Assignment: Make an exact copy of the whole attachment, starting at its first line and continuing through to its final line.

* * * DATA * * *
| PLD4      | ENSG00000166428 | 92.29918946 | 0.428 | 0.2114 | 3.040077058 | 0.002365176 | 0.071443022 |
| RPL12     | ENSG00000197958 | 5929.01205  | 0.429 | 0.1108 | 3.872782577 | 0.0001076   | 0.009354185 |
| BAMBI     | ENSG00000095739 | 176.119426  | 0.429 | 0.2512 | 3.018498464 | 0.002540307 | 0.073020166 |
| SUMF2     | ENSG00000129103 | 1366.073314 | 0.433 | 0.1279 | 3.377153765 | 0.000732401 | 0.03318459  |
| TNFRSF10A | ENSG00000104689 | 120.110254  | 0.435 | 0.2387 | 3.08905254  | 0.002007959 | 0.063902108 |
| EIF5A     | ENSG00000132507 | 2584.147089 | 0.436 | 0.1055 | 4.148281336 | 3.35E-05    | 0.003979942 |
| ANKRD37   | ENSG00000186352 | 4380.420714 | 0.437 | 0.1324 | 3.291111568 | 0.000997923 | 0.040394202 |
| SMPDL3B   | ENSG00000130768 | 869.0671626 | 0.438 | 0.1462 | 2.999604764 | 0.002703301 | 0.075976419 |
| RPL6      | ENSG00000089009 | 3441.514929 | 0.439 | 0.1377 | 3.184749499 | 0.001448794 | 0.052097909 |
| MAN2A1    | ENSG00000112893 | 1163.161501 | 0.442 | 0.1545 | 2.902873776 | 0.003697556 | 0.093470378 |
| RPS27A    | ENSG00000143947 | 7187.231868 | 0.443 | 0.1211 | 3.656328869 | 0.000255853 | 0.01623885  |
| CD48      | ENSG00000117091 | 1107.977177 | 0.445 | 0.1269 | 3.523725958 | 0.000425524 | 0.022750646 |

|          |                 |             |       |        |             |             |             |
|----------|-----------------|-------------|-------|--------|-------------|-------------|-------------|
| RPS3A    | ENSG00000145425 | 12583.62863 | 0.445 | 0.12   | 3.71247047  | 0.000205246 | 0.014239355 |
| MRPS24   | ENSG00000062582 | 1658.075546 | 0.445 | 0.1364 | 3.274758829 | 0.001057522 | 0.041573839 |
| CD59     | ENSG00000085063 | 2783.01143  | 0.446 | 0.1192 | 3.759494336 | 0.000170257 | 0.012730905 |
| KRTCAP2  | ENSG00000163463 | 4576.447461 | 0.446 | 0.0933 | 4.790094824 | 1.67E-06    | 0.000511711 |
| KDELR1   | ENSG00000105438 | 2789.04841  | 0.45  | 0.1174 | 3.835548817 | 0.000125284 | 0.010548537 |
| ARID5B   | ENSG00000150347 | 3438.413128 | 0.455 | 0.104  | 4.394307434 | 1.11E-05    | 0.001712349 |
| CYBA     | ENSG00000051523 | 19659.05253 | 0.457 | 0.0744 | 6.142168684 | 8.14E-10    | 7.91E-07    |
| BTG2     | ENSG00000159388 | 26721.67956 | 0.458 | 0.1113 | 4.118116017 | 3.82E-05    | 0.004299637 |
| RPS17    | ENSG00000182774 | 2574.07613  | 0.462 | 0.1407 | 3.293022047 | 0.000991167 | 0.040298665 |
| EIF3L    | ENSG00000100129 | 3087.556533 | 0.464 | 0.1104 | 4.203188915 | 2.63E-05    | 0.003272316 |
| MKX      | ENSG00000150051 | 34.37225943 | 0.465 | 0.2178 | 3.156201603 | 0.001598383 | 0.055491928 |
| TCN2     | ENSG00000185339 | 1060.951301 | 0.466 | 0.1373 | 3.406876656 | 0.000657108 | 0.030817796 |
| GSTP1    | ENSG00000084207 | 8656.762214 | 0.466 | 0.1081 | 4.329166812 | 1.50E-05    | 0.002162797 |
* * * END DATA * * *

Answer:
| PLD4      | ENSG00000166428 | 92.29918946 | 0.428 | 0.2114 | 3.040077058 | 0.002365176 | 0.071443022 |
| RPL12     | ENSG00000197958 | 5929.01205  | 0.429 | 0.1108 | 3.872782577 | 0.0001076   | 0.009354185 |
| BAMBI     | ENSG00000095739 | 176.119426  | 0.429 | 0.2512 | 3.018498464 | 0.002540307 | 0.073020166 |
| SUMF2     | ENSG00000129103 | 1366.073314 | 0.433 | 0.1279 | 3.377153765 | 0.000732401 | 0.03318459  |
| TNFRSF10A | ENSG00000104689 | 120.110254  | 0.435 | 0.2387 | 3.08905254  | 0.002007959 | 0.063902108 |
| EIF5A     | ENSG00000132507 | 2584.147089 | 0.436 | 0.1055 | 4.148281336 | 3.35E-05    | 0.003979942 |
| ANKRD37   | ENSG00000186352 | 4380.420714 | 0.437 | 0.1324 | 3.291111568 | 0.000997923 | 0.040394202 |
| SMPDL3B   | ENSG00000130768 | 869.0671626 | 0.438 | 0.1462 | 2.999604764 | 0.002703301 | 0.075976419 |
| RPL6      | ENSG00000089009 | 3441.514929 | 0.439 | 0.1377 | 3.184749499 | 0.001448794 | 0.052097909 |
| MAN2A1    | ENSG00000112893 | 1163.161501 | 0.442 | 0.1545 | 2.902873776 | 0.003697556 | 0.093470378 |
| RPS27A    | ENSG00000143947 | 7187.231868 | 0.443 | 0.1211 | 3.656328869 | 0.000255853 | 0.01623885  |
| CD48      | ENSG00000117091 | 1107.977177 | 0.445 | 0.1269 | 3.523725958 | 0.000425524 | 0.022750646 |

|          |                 |             |       |        |             |             |             |
|----------|-----------------|-------------|-------|--------|-------------|-------------|-------------|
| RPS3A    | ENSG00000145425 | 12583.62863 | 0.445 | 0.12   | 3.71247047  | 0.000205246 | 0.014239355 |
| MRPS24   | ENSG00000062582 | 1658.075546 | 0.445 | 0.1364 | 3.274758829 | 0.001057522 | 0.041573839 |
| CD59     | ENSG00000085063 | 2783.01143  | 0.446 | 0.1192 | 3.759494336 | 0.000170257 | 0.012730905 |
| KRTCAP2  | ENSG00000163463 | 4576.447461 | 0.446 | 0.0933 | 4.790094824 | 1.67E-06    | 0.000511711 |
| KDELR1   | ENSG00000105438 | 2789.04841  | 0.45  | 0.1174 | 3.835548817 | 0.000125284 | 0.010548537 |
| ARID5B   | ENSG00000150347 | 3438.413128 | 0.455 | 0.104  | 4.394307434 | 1.11E-05    | 0.001712349 |
| CYBA     | ENSG00000051523 | 19659.05253 | 0.457 | 0.0744 | 6.142168684 | 8.14E-10    | 7.91E-07    |
| BTG2     | ENSG00000159388 | 26721.67956 | 0.458 | 0.1113 | 4.118116017 | 3.82E-05    | 0.004299637 |
| RPS17    | ENSG00000182774 | 2574.07613  | 0.462 | 0.1407 | 3.293022047 | 0.000991167 | 0.040298665 |
| EIF3L    | ENSG00000100129 | 3087.556533 | 0.464 | 0.1104 | 4.203188915 | 2.63E-05    | 0.003272316 |
| MKX      | ENSG00000150051 | 34.37225943 | 0.465 | 0.2178 | 3.156201603 | 0.001598383 | 0.055491928 |
| TCN2     | ENSG00000185339 | 1060.951301 | 0.466 | 0.1373 | 3.406876656 | 0.000657108 | 0.030817796 |
| GSTP1    | ENSG00000084207 | 8656.762214 | 0.466 | 0.1081 | 4.329166812 | 1.50E-05    | 0.002162797 |